Although the Bohr model of the atom is a further development of Rutherford’s atomic model, it also contains some weak points. Thus, the imaginary circular motion of an electron around the nucleus is an accelerated motion. However, such an accelerated movement of charged particles would have to lead to an energy dissipation. Thus, after a short time the electrons should have no more energy to stably orbit around the nucleus. The consequence would be that the electrons fall into the nucleus and the atom decays. Since this is obviously not the case, Bohr had to postulate another postulate, which, however, contradicts everyday knowledge:

The electrons orbit the nucleus without emitting radiation!

Based on the different energy states of the shells Bohr also made a statement about the distribution of the electrons on the respective shells. Thus, on the innermost shell, which he called K-shell, there can be a maximum of two electrons. On the following shell, the L-shell, a maximum of 8 electrons can be found. The following M-shell contains a maximum of 18 electrons and the N-shell a maximum of 32 electrons, etc .:

  • 1st shell (K-shell): 2 electrons
  • 2nd shell (L-shell): 8 electrons
  • 3rd shell (M-shell): 18 electrons
  • 4th shell (N-shell): 32 electrons
  • 5th shell (O -shell) Shell): 50 electrons
  • 6th shell (P shell): 72 electrons
  • 7th shell (Q shell): 98 electrons

The maximum number \( N_{max} \) of electrons on a particular shell can be determined by the following equation, where \( n \) is the shell number:
\boxed{N_{max} = 2 \cdot n^2 } \\[5px]

The occupation of the shells with electrons always takes place from the lowest-energy state or the lowest-energy shell. The magnesium atom with its total of 12 electrons thus occupies 2 electrons on the K shell and 8 electrons on the L shell. These shells are now fully occupied so that the last two electrons can fit on the M shell. The electrons on an unfilled shell (in this case: the two electrons on the M shell) are also called valence electrons. The shell itself is called valence shell. The valence electrons on the outermost shell decisively determine the chemical properties of the atom and are also responsible for the position of the element in the periodic table.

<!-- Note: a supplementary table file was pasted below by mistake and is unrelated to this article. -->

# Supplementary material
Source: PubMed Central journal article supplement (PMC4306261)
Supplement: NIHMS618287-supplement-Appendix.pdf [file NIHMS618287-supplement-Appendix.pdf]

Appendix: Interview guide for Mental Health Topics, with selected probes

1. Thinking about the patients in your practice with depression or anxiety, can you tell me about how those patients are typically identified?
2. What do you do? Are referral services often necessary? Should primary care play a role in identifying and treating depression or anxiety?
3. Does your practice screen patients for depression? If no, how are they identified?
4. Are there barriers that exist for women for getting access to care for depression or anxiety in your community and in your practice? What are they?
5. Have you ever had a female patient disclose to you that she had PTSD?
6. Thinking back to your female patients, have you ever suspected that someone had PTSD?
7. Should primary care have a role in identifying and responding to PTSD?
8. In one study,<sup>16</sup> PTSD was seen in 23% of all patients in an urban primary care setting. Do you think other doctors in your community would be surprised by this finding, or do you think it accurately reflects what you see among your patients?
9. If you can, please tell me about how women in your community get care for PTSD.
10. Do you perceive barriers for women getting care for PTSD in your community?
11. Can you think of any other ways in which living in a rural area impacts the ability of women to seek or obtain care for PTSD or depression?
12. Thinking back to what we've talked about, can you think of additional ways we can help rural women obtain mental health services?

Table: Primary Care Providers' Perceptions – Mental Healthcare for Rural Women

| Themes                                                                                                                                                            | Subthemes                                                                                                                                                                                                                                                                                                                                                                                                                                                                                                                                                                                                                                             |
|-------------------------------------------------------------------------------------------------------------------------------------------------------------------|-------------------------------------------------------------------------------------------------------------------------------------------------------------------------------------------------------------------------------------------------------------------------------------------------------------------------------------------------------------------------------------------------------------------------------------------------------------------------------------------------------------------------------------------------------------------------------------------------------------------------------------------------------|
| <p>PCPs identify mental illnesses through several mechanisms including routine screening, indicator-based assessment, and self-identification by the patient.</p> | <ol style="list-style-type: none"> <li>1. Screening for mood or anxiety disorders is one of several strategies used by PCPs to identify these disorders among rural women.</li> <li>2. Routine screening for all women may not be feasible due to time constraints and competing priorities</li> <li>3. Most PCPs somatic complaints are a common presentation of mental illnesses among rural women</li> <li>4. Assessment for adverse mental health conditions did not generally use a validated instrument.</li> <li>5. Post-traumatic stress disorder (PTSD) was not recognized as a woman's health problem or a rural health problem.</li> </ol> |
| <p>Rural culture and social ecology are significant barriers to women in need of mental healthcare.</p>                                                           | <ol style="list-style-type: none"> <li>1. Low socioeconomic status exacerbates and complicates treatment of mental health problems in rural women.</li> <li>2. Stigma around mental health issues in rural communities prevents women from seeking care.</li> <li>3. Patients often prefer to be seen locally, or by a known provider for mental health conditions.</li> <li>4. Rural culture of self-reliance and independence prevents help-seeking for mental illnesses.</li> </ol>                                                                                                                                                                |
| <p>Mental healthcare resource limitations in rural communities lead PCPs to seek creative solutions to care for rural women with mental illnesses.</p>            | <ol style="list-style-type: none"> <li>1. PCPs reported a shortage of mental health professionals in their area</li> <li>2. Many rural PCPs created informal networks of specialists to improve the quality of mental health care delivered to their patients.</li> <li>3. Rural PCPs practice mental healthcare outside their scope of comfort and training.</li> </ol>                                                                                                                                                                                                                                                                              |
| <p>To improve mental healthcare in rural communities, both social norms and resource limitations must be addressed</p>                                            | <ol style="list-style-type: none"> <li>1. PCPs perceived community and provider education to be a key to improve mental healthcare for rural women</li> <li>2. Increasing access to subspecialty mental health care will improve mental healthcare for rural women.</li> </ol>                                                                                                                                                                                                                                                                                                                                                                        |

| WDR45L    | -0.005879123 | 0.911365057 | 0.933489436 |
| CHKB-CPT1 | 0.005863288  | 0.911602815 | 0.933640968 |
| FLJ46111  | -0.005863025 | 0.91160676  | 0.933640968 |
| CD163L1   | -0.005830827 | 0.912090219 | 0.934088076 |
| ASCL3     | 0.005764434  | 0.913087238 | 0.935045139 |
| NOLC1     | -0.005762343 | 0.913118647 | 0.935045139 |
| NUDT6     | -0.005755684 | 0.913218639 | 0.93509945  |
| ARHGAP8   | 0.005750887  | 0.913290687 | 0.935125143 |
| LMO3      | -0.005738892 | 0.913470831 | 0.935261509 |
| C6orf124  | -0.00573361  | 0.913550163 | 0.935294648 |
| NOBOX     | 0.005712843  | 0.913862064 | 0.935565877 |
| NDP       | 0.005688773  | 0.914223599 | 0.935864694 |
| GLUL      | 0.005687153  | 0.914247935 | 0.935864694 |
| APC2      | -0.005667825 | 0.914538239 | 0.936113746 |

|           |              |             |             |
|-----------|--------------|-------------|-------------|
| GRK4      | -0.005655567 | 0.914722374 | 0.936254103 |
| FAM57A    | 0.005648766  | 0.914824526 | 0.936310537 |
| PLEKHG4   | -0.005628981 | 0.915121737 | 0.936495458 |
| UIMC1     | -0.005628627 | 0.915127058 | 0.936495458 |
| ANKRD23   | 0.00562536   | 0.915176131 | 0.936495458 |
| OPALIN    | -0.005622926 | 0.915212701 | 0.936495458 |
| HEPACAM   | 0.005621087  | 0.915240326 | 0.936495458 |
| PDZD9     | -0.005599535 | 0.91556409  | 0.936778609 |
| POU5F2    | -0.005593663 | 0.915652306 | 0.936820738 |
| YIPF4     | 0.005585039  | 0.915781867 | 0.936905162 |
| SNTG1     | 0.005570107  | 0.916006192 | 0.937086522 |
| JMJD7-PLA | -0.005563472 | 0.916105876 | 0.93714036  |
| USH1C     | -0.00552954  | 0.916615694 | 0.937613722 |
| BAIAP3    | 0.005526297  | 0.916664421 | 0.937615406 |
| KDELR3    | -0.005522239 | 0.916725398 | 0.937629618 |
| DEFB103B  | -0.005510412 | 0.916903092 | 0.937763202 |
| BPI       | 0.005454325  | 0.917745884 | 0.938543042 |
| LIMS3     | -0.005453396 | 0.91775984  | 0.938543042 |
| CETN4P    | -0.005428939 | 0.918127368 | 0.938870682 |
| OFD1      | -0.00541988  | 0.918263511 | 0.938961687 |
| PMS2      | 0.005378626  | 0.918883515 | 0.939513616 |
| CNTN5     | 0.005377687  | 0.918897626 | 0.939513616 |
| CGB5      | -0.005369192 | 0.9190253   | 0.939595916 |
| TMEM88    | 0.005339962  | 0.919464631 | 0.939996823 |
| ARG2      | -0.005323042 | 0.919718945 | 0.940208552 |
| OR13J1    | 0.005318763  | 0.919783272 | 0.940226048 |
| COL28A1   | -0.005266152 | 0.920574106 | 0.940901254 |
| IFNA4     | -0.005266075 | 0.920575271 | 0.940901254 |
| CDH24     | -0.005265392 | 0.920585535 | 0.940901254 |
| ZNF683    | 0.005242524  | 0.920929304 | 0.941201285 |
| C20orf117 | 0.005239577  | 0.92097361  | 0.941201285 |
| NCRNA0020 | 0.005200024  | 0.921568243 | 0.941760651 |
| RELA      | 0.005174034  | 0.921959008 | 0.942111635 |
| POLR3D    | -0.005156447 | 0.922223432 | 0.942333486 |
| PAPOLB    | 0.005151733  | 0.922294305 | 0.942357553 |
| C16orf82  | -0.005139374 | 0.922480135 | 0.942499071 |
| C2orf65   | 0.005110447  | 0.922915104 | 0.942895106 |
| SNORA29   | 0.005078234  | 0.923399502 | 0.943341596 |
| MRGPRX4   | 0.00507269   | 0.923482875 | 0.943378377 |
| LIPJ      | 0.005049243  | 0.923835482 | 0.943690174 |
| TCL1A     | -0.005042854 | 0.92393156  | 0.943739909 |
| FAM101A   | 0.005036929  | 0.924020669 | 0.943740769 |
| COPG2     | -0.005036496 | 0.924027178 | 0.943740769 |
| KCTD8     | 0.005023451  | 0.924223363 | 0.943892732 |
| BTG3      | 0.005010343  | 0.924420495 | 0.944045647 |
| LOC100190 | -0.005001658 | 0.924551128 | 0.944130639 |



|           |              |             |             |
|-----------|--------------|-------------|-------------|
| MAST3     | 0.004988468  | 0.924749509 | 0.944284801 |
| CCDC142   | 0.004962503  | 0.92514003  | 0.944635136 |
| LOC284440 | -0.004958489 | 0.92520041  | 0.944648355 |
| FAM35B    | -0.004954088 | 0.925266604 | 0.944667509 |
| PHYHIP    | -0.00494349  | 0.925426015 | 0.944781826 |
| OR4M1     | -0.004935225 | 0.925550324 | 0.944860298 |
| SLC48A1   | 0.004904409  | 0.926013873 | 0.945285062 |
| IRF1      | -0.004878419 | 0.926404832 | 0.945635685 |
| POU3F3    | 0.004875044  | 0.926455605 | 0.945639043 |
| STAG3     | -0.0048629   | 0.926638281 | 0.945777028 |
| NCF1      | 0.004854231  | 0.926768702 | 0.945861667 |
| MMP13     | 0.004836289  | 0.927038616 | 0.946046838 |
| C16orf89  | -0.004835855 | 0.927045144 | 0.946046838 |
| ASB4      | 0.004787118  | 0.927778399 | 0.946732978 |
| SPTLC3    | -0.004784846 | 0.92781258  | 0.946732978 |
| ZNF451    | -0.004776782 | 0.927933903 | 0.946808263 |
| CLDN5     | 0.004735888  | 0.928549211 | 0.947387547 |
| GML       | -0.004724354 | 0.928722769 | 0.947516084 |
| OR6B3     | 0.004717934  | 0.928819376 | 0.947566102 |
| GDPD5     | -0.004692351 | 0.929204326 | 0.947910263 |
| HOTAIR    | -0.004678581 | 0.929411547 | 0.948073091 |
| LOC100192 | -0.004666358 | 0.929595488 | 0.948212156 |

Magnesium atom (shell model)
Figure: Magnesium atom (shell model)

The outermost shell is called valence shell and the electrons located in there are referred to as valence electrons. Chemical properties as mostly influenced by the number of valence electrons!

Note that the maximum number of electrons on a shell does not mean that an atom can have as many valence electrons! Because not always such a simple occupation rule shows up as in the case of the magnesium atom. In some cases a new shell is being filled (which then forms the outer electrons) although the underlying one is not yet fully occupied. This is evident, for example, in the case of the calcium atom. While the valence shell contains two electrons, the underlying M shell is filled only with 8 electrons and not with the maximum number of 18.

Calcium atom (shell model)
Figure: Calcium atom (shell model)

The order of occupation of the shells with electrons must therefore also be based on further influences that can not yet be explained by the Bohr model. In addition, experimental findings show that the classification of the electron orbits into the shells was too simple. For in some experiments, one also found energetic radiation transitions, which were also discrete, but located between the energy levels of the above-mentioned shells. So there had to be a finer division of the shells. The question of how and why elements form chemical compounds can not be explained by Bohr model as well. The physicist Sommerfeld provided an important development of Bohr’s atomic model (Bohr-Sommerfeld model).